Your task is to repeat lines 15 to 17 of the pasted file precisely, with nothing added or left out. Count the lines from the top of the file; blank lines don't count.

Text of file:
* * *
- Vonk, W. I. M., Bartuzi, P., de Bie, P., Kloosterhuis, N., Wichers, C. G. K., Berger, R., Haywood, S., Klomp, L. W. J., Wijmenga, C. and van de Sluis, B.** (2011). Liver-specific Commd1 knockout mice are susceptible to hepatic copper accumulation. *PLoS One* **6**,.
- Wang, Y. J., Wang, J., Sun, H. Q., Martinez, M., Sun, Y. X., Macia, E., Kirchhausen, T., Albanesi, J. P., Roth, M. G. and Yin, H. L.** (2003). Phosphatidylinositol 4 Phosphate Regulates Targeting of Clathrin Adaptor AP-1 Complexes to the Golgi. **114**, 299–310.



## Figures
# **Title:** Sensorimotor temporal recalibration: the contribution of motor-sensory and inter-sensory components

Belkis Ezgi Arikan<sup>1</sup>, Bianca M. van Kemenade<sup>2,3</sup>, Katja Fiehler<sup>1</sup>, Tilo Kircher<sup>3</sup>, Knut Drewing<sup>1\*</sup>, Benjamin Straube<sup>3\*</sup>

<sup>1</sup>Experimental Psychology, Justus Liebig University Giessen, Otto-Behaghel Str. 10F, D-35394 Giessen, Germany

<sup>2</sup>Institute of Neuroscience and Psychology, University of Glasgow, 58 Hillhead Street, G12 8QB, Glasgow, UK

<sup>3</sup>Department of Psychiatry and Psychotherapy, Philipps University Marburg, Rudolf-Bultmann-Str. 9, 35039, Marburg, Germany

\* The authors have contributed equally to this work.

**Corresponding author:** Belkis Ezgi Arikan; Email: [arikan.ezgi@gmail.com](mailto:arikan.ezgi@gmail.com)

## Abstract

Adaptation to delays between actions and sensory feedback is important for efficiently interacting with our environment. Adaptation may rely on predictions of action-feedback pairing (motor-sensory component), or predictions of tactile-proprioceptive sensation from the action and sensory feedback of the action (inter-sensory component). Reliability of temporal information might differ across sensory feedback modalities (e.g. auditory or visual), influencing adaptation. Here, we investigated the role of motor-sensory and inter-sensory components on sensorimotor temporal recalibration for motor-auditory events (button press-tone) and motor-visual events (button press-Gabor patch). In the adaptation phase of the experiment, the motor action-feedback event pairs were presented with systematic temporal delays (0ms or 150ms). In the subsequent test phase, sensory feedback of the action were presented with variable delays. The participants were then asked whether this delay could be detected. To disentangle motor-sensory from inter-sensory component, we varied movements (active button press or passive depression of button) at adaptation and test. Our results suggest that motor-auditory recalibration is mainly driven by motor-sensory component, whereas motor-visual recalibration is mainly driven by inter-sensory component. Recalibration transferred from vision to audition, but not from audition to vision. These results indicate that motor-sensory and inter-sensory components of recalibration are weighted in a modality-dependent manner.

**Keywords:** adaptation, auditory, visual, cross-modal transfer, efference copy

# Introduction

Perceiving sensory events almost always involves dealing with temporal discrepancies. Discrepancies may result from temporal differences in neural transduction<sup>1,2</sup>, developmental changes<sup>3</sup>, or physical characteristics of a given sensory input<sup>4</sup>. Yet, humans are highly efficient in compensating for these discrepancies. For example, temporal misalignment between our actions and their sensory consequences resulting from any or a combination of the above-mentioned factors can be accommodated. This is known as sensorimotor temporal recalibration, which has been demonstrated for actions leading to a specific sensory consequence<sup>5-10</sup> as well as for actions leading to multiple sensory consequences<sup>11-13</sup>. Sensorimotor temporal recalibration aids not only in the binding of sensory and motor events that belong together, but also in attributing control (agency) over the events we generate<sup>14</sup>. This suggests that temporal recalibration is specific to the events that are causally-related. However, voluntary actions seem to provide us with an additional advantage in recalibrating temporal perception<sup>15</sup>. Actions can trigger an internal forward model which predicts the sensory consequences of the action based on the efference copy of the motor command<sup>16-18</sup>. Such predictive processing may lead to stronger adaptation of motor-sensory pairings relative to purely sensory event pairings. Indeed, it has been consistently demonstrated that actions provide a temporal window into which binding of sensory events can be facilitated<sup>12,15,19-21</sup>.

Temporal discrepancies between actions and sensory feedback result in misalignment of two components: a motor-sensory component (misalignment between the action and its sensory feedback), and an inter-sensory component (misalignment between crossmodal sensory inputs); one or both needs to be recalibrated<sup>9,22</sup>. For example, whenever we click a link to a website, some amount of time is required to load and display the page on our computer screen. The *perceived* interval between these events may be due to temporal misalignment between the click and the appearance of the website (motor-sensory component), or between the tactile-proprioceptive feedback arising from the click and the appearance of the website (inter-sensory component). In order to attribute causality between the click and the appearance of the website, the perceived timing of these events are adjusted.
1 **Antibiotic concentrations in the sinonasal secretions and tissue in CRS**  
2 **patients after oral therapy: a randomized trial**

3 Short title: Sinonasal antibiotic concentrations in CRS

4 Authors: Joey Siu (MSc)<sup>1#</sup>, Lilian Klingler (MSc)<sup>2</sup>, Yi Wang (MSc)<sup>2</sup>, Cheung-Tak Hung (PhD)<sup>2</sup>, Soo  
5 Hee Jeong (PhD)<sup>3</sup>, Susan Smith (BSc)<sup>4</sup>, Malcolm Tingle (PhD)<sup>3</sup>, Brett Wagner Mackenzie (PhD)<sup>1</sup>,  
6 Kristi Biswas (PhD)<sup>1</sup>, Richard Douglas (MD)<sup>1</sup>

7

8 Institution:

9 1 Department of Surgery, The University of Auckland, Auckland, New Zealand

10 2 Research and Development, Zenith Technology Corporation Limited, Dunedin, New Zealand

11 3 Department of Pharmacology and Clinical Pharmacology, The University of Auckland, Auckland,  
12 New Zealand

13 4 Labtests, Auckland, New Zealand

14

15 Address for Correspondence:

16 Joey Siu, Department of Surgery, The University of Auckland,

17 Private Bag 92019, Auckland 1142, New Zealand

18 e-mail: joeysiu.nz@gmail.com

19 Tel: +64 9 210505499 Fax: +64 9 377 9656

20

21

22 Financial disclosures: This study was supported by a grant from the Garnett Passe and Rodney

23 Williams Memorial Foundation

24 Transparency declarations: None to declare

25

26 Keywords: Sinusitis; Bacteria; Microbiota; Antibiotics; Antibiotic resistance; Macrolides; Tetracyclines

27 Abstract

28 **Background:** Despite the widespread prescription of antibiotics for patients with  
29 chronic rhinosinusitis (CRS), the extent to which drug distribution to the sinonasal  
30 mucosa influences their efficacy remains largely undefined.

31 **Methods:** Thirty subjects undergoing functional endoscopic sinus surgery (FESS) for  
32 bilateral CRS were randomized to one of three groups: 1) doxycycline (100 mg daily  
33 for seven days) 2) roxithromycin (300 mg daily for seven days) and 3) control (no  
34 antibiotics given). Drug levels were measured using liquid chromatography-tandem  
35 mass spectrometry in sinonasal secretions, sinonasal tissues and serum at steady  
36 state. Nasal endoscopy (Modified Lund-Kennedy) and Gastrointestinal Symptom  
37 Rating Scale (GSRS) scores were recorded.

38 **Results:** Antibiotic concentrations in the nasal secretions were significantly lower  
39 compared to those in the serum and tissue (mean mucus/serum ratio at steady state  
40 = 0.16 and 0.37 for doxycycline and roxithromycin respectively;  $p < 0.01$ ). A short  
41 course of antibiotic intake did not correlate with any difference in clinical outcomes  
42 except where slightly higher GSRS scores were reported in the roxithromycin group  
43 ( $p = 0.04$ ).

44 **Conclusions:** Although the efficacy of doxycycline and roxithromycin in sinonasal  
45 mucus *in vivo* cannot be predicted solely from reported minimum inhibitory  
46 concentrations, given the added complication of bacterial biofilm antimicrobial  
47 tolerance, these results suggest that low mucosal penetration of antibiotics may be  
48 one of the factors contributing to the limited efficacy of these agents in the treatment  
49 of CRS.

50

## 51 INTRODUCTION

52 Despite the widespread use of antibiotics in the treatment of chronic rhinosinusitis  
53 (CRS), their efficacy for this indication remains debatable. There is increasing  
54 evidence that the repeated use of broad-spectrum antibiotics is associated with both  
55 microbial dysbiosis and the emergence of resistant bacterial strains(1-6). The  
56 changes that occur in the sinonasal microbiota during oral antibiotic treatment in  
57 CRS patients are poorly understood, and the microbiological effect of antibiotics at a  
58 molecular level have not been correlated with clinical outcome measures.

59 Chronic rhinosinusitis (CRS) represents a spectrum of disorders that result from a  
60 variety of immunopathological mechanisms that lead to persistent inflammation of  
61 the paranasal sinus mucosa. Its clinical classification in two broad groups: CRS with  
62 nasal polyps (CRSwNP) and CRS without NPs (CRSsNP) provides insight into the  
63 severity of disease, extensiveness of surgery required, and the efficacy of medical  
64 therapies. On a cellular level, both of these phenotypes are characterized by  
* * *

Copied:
Perceiving sensory events almost always involves dealing with temporal discrepancies. Discrepancies may result from temporal differences in neural transduction<sup>1,2</sup>, developmental changes<sup>3</sup>, or physical characteristics of a given sensory input<sup>4</sup>. Yet, humans are highly efficient in compensating for these discrepancies. For example, temporal misalignment between our actions and their sensory consequences resulting from any or a combination of the above-mentioned factors can be accommodated. This is known as sensorimotor temporal recalibration, which has been demonstrated for actions leading to a specific sensory consequence<sup>5-10</sup> as well as for actions leading to multiple sensory consequences<sup>11-13</sup>. Sensorimotor temporal recalibration aids not only in the binding of sensory and motor events that belong together, but also in attributing control (agency) over the events we generate<sup>14</sup>. This suggests that temporal recalibration is specific to the events that are causally-related. However, voluntary actions seem to provide us with an additional advantage in recalibrating temporal perception<sup>15</sup>. Actions can trigger an internal forward model which predicts the sensory consequences of the action based on the efference copy of the motor command<sup>16-18</sup>. Such predictive processing may lead to stronger adaptation of motor-sensory pairings relative to purely sensory event pairings. Indeed, it has been consistently demonstrated that actions provide a temporal window into which binding of sensory events can be facilitated<sup>12,15,19-21</sup>.

Temporal discrepancies between actions and sensory feedback result in misalignment of two components: a motor-sensory component (misalignment between the action and its sensory feedback), and an inter-sensory component (misalignment between crossmodal sensory inputs); one or both needs to be recalibrated<sup>9,22</sup>. For example, whenever we click a link to a website, some amount of time is required to load and display the page on our computer screen. The *perceived* interval between these events may be due to temporal misalignment between the click and the appearance of the website (motor-sensory component), or between the tactile-proprioceptive feedback arising from the click and the appearance of the website (inter-sensory component). In order to attribute causality between the click and the appearance of the website, the perceived timing of these events are adjusted.
1 **Antibiotic concentrations in the sinonasal secretions and tissue in CRS**  